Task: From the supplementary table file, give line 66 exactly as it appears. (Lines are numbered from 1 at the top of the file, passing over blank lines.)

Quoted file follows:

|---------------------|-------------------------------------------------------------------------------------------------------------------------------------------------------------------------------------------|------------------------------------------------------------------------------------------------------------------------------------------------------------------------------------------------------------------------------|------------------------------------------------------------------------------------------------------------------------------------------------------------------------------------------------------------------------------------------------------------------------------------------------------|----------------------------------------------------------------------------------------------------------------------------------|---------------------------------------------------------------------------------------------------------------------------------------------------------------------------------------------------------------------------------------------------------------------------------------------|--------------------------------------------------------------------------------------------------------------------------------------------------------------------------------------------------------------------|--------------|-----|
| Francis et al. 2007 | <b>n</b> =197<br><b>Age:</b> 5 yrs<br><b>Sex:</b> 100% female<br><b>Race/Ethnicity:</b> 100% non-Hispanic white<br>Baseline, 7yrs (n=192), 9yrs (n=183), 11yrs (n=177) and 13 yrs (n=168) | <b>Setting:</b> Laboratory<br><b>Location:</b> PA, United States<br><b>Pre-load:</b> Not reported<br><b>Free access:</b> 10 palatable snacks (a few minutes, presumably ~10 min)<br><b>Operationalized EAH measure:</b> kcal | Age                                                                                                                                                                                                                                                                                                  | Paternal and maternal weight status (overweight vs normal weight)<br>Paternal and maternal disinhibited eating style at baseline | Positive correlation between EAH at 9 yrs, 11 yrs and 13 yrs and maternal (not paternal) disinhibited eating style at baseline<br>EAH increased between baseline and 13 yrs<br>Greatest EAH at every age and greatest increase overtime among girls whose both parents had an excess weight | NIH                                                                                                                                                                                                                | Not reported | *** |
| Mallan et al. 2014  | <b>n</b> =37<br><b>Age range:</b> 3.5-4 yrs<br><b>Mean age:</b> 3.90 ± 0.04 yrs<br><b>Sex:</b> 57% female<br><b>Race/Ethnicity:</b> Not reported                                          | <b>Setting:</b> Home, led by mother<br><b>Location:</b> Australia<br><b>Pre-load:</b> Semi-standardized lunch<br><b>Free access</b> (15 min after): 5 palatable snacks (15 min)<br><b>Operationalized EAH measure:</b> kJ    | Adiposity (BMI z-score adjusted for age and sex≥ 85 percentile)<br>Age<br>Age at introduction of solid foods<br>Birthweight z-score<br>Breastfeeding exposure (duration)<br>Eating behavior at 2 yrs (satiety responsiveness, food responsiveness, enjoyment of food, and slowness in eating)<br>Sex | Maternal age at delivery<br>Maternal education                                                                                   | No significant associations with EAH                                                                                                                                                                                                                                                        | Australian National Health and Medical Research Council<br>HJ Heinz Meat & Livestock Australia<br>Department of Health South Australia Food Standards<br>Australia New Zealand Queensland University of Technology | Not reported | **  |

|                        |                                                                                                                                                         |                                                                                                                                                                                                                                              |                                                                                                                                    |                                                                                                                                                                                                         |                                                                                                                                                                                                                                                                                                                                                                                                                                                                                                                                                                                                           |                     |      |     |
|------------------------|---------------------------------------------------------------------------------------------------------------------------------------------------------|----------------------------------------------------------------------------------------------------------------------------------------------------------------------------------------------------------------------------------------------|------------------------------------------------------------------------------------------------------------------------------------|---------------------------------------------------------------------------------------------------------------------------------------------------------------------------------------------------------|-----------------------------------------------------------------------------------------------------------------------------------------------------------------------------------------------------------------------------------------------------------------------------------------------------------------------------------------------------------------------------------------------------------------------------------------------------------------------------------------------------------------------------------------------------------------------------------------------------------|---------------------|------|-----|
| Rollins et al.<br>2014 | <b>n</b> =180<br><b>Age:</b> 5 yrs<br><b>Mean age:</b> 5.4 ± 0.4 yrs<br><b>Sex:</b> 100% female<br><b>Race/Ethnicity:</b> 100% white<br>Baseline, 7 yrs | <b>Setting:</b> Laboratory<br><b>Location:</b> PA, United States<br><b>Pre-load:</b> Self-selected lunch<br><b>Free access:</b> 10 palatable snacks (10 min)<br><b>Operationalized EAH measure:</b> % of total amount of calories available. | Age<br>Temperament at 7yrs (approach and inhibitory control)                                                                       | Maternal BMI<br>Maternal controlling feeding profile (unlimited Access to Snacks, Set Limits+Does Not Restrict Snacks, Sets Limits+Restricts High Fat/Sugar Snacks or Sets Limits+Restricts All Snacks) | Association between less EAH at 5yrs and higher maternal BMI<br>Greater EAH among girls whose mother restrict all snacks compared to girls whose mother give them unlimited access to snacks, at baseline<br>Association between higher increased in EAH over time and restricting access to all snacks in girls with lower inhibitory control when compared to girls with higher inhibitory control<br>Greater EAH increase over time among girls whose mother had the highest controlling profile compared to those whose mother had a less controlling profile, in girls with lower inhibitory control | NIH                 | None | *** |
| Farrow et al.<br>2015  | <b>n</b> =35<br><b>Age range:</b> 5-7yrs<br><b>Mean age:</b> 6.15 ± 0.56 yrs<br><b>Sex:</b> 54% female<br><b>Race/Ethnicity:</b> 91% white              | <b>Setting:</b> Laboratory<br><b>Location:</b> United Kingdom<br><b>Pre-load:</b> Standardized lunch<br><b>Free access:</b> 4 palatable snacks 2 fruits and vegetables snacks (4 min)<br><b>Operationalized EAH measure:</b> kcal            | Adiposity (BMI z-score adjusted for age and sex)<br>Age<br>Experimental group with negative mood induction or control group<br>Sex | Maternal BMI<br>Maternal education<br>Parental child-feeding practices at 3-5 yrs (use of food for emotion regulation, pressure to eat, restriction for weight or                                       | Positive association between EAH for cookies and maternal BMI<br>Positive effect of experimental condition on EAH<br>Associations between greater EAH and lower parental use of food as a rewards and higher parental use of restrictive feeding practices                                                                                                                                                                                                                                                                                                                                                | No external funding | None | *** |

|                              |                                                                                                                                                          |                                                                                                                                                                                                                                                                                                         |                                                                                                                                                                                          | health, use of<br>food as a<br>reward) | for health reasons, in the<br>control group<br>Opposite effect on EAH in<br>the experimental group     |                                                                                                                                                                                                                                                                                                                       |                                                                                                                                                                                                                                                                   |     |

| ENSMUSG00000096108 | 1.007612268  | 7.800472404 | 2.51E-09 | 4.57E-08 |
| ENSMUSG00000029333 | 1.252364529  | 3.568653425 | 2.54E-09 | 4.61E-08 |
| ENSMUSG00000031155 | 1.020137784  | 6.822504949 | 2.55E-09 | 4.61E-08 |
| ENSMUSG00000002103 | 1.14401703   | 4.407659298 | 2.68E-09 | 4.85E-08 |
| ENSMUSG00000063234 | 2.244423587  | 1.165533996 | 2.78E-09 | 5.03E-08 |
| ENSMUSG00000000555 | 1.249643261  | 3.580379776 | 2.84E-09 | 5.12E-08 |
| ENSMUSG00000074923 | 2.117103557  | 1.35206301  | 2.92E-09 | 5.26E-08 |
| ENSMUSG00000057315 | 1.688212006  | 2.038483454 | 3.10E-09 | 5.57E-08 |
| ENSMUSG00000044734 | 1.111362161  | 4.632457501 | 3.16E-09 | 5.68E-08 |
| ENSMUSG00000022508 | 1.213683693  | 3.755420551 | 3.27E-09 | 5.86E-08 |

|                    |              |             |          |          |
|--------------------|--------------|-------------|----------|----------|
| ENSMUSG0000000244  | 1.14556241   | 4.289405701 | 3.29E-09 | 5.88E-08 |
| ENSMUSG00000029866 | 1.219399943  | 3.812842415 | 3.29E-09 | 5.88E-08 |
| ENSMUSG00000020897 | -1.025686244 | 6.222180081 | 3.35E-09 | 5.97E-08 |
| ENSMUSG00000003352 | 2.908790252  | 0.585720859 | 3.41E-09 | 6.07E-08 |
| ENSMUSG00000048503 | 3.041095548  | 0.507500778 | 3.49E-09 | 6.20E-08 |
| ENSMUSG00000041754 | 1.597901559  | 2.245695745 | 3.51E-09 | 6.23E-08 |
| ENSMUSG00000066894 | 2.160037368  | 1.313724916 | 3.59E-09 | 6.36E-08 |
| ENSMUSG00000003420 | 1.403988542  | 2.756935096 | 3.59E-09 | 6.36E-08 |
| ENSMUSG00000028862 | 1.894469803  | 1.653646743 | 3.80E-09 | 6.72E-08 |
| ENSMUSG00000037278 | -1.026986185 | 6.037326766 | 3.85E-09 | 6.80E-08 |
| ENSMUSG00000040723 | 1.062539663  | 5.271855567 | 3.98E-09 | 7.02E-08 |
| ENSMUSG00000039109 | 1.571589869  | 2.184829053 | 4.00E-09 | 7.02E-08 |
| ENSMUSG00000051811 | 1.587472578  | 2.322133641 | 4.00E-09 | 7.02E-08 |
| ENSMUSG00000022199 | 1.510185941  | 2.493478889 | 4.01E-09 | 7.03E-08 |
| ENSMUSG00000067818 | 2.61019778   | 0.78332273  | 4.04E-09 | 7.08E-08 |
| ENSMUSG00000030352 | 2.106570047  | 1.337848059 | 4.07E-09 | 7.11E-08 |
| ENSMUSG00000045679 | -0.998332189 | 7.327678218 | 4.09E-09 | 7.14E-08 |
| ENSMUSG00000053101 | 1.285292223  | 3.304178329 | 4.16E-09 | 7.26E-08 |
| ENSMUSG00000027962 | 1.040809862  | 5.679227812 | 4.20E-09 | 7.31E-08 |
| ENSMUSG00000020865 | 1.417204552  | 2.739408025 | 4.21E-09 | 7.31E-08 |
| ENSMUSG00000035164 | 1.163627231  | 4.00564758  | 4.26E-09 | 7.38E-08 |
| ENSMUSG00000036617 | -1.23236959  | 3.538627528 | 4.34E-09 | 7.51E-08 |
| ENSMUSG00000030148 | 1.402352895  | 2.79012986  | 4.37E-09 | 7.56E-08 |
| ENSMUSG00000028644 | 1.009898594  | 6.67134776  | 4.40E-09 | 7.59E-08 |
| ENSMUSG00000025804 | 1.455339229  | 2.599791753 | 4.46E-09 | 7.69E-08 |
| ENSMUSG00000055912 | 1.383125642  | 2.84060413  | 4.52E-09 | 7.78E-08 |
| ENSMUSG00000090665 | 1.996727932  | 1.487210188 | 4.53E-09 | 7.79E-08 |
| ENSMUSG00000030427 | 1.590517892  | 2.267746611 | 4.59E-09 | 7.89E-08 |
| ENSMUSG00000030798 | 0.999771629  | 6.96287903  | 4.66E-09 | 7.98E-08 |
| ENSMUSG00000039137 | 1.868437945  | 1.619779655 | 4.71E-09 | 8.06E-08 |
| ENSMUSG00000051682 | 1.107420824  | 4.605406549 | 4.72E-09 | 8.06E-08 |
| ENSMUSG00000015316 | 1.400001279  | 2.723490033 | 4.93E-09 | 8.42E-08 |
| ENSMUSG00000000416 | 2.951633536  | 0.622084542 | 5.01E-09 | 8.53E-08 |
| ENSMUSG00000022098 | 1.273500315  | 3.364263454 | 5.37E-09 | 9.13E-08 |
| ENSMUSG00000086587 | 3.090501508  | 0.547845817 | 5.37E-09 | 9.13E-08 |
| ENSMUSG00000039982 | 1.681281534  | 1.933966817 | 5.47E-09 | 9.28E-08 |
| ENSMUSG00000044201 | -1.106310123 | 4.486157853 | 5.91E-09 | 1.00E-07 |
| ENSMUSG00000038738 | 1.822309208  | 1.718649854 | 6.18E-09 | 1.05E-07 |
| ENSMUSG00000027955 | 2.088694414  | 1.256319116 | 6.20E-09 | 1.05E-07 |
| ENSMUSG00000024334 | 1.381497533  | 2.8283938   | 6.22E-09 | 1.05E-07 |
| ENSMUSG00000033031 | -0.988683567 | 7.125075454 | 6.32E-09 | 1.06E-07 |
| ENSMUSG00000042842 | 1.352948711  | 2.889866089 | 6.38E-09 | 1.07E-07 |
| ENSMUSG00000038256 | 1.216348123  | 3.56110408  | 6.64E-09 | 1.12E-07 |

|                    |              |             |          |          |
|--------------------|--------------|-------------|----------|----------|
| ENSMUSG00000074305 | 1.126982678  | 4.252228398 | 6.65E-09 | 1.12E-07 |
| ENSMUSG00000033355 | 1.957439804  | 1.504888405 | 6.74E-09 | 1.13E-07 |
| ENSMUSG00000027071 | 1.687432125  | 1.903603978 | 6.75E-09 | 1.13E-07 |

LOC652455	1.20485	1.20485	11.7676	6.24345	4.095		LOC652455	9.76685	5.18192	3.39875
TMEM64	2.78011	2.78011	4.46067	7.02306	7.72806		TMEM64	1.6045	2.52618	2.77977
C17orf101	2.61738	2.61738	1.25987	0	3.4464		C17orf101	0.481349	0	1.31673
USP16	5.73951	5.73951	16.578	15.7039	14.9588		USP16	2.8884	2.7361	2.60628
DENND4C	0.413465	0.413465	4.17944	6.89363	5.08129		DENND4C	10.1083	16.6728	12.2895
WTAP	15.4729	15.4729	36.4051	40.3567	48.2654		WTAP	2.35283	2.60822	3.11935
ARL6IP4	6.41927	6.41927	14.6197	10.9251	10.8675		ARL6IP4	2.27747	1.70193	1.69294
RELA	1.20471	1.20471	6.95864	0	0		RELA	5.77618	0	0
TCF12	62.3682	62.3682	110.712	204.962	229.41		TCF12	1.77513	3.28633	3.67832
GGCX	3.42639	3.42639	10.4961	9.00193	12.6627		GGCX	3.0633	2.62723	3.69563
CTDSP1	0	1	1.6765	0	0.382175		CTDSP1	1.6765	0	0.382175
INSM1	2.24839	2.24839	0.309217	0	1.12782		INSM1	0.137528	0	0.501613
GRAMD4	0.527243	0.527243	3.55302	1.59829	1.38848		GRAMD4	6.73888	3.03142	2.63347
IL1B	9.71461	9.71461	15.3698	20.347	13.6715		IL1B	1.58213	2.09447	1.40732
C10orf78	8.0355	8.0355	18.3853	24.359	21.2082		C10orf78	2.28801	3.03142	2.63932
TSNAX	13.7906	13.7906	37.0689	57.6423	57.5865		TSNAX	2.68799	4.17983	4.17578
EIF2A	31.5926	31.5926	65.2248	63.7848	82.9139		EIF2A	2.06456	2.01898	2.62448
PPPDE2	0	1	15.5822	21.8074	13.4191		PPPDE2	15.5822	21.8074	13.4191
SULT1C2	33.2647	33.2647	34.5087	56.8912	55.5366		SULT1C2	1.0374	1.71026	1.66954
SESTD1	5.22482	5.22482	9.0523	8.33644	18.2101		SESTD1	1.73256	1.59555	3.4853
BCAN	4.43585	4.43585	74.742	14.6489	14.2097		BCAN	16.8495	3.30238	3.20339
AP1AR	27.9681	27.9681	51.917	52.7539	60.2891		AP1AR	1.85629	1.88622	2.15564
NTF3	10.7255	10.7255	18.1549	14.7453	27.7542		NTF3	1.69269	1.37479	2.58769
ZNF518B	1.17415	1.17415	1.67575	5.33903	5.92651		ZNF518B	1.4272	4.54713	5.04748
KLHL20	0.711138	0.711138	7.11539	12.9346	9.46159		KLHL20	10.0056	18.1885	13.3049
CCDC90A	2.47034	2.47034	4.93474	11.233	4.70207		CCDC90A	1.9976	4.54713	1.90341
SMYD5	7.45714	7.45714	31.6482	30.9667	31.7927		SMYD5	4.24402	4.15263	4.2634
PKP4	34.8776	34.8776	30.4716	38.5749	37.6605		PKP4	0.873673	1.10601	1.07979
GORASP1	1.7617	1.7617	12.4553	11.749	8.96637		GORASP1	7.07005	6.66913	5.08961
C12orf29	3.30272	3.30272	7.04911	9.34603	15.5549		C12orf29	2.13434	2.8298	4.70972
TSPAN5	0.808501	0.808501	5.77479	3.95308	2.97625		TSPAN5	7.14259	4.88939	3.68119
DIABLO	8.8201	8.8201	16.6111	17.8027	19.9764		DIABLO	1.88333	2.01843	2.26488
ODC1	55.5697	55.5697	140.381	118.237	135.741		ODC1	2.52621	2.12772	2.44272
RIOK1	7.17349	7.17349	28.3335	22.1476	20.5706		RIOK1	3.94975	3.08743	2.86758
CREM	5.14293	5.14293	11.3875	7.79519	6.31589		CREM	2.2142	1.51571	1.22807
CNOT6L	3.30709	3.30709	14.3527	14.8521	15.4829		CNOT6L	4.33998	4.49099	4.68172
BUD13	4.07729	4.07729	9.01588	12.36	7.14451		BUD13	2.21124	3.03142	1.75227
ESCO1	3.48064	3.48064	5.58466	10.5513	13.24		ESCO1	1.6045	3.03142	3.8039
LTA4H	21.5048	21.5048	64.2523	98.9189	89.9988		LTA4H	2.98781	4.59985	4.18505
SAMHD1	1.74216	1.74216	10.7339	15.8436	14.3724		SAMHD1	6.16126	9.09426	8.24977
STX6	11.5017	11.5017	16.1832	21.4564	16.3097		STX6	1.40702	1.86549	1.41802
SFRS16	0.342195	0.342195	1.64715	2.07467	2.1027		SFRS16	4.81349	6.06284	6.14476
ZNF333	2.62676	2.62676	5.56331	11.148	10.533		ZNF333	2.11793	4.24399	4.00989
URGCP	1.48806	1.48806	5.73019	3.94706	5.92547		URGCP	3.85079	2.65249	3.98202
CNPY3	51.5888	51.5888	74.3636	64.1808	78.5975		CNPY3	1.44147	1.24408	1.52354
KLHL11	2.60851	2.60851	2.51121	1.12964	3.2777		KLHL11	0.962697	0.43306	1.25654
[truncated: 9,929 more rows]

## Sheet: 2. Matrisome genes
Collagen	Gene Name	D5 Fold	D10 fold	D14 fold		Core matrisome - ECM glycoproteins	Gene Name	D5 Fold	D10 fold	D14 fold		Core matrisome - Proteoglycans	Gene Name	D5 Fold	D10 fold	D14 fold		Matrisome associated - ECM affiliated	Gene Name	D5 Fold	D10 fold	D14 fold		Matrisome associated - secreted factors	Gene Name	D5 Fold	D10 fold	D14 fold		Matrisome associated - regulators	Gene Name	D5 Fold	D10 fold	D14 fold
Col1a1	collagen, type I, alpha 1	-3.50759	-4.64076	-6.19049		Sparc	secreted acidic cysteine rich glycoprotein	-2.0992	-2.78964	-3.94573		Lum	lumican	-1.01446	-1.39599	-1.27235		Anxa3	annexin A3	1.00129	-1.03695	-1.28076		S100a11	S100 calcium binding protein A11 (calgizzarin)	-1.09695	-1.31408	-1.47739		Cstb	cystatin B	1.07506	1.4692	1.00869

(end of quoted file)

| ENSMUSG00000074305 | 1.126982678  | 4.252228398 | 6.65E-09 | 1.12E-07 |